On the front line of the climate crisis: Policy Researcher
Sara is a Policy Researcher for a climate change think tank who uses her scientific background to help her break down barriers to effective climate action.
“Physics has given me the conceptual and systems thinking mindset needed to come up with bold ideas that are outside the box on tackling climate change.”
First name: Sara | Job title: Policy Researcher | Organisation: E3G
Qualifications: MSc, Physics, Imperial College London; MSc, Sustainable Energy Futures, Imperial College London
How did you get to where you are?
I started my career in the oil and gas industry, working with Shell and ExxonMobil. But I quickly realised it wasn’t for me, due to my growing awareness of the climate crisis! I went back to university and did a master’s in sustainable energy futures.
I then worked on energy and climate change, first as a researcher for the Council on Energy, Environment and Water in Delhi, then as a consultant for Arup in London. Realising that the barriers to effective climate action are largely political and institutional as opposed to financial and technical, I decided to reorient my career into public policy. I now work with E3G – an independent climate change think tank – in Brussels.
What does your job involve?
I work on sustainable finance, industrial decarbonisation and research and innovation policy, advocating for ambitious policy reforms under the European Green Deal.
The role involves influencing all stages of the policy-making decision process, from political agenda setting, to coalition building, to influencing policy and institutional reform. That means conducting research and analysis, writing policy briefs and blog articles, engaging with the media, mobilising coalitions of businesses and civil society organisations, and doing advocacy to influence political actors in the European Union.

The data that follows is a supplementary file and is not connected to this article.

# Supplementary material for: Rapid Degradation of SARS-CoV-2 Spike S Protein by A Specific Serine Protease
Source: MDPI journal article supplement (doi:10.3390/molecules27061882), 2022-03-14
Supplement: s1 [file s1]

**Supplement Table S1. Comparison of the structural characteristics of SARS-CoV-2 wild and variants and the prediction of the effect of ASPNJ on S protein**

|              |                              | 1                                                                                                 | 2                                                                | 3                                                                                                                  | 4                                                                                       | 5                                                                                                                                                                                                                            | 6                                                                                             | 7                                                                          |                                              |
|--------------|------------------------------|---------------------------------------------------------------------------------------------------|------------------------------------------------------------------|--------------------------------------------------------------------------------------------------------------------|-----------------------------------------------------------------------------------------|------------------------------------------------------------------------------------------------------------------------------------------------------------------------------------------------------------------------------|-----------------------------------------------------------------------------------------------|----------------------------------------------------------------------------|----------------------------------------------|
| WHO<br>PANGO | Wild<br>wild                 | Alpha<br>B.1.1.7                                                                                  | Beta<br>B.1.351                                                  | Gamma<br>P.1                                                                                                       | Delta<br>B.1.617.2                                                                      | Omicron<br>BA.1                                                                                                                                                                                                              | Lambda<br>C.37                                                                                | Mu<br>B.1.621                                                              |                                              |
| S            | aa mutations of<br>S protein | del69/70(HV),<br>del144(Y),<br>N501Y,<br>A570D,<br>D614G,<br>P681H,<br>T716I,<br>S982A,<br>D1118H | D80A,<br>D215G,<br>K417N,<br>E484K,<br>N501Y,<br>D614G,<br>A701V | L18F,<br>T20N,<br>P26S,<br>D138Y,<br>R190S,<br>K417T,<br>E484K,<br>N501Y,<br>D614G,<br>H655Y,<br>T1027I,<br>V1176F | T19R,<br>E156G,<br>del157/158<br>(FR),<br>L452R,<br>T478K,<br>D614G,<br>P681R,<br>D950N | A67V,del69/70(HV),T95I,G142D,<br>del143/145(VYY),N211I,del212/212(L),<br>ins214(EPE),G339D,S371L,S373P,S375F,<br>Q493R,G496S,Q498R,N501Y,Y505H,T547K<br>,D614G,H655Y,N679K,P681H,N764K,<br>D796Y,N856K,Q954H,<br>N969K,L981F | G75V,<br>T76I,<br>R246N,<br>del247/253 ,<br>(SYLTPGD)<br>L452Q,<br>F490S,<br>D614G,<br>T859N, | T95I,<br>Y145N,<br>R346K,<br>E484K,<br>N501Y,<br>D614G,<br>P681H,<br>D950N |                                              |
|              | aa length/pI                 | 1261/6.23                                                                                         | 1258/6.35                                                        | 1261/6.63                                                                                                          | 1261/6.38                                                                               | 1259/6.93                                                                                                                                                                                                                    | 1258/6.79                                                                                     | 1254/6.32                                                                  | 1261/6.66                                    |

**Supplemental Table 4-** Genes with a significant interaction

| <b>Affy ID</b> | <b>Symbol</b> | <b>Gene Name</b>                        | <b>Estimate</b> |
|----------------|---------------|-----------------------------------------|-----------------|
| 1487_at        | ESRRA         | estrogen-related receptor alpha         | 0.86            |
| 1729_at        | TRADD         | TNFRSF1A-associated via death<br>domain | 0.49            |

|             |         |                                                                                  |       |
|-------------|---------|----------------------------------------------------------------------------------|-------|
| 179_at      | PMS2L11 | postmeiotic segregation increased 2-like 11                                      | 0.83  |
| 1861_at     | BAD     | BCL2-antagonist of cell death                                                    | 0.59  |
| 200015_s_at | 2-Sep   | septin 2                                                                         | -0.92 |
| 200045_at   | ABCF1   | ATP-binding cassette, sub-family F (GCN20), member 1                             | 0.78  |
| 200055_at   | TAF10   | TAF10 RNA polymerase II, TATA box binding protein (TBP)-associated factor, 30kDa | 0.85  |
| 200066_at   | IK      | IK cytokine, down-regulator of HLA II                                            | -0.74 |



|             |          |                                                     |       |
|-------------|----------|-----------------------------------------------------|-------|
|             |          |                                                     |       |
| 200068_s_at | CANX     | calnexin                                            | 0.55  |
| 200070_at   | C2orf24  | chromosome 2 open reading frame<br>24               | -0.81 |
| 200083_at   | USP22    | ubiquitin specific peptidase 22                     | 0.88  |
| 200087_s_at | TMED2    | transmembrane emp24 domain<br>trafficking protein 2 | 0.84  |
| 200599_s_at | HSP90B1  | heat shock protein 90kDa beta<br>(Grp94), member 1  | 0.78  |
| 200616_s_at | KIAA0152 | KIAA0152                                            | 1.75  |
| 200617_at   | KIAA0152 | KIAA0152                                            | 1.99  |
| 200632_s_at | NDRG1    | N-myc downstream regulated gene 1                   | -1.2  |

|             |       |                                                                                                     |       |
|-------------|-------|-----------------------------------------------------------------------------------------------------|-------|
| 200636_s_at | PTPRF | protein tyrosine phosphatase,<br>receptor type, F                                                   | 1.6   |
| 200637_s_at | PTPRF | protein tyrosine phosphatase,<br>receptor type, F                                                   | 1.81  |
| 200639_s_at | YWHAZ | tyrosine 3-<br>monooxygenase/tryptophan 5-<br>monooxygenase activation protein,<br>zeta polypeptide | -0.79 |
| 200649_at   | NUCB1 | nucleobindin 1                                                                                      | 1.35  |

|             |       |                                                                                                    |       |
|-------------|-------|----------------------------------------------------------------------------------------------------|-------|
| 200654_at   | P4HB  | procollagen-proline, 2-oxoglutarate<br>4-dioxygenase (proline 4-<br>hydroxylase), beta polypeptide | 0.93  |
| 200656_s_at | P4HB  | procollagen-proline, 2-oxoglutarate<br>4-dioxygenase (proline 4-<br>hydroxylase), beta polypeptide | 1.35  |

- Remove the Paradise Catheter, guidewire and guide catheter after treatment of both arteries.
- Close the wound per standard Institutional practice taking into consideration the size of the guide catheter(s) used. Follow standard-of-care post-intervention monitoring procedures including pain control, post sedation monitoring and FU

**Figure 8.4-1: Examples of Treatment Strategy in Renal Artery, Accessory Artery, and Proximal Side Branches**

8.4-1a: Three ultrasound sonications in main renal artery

What do you enjoy most about it?
I consider my career a passion due to the impact I can make in supporting the transition to a climate-safe world. I can spend hours researching climate-related issues! And I really like spending time on thinking about complex challenges and coming up with policy and political solutions to the challenges our society is facing with my colleagues. I also enjoy being able to build relationships with a wide range of stakeholders among civil society and the private and public sectors.
How is physics part of your job?
Physics isn’t directly part of my job as such. But I use my analytical ability sharpened through physics to help me quickly navigate through large amounts of information on a daily basis, grounded in a sound understanding of the scientific and technological innovations which will be necessary to transition to a climate-safe world.
And physics has given me the conceptual and systems thinking mindset needed to come up with bold ideas that are outside the box on tackling climate change. For example, my role in sustainable finance policy requires coming up with ambitious policy reforms on reducing and managing climate and environmental risks and on increasing opportunities for citizens, financial institutions and businesses to enhance sustainability.
What advice would you give to a young person interested in a career focusing on climate change?
Climate change requires you to be a systems thinker. I would encourage them to read books, follow leading thinkers and listen to podcasts covering a broad range of themes, to develop not only their scientific and technological understanding of climate change but also to improve their understanding of sociology, economics and politics. I would also encourage them to join a local community project or participate in a Climathon, since this would enable them to propose concrete solutions to climate change.
Participating in youth platforms and joining Toastmasters can be a great way to improve their public speaking and leadership skills, which can be useful for effectively communicating to a variety of audiences. It would also be a big help to have an inspiring mentor who can guide them through their higher education and work experience choices, as well as to start engaging with people working on climate change by attending local and online climate events.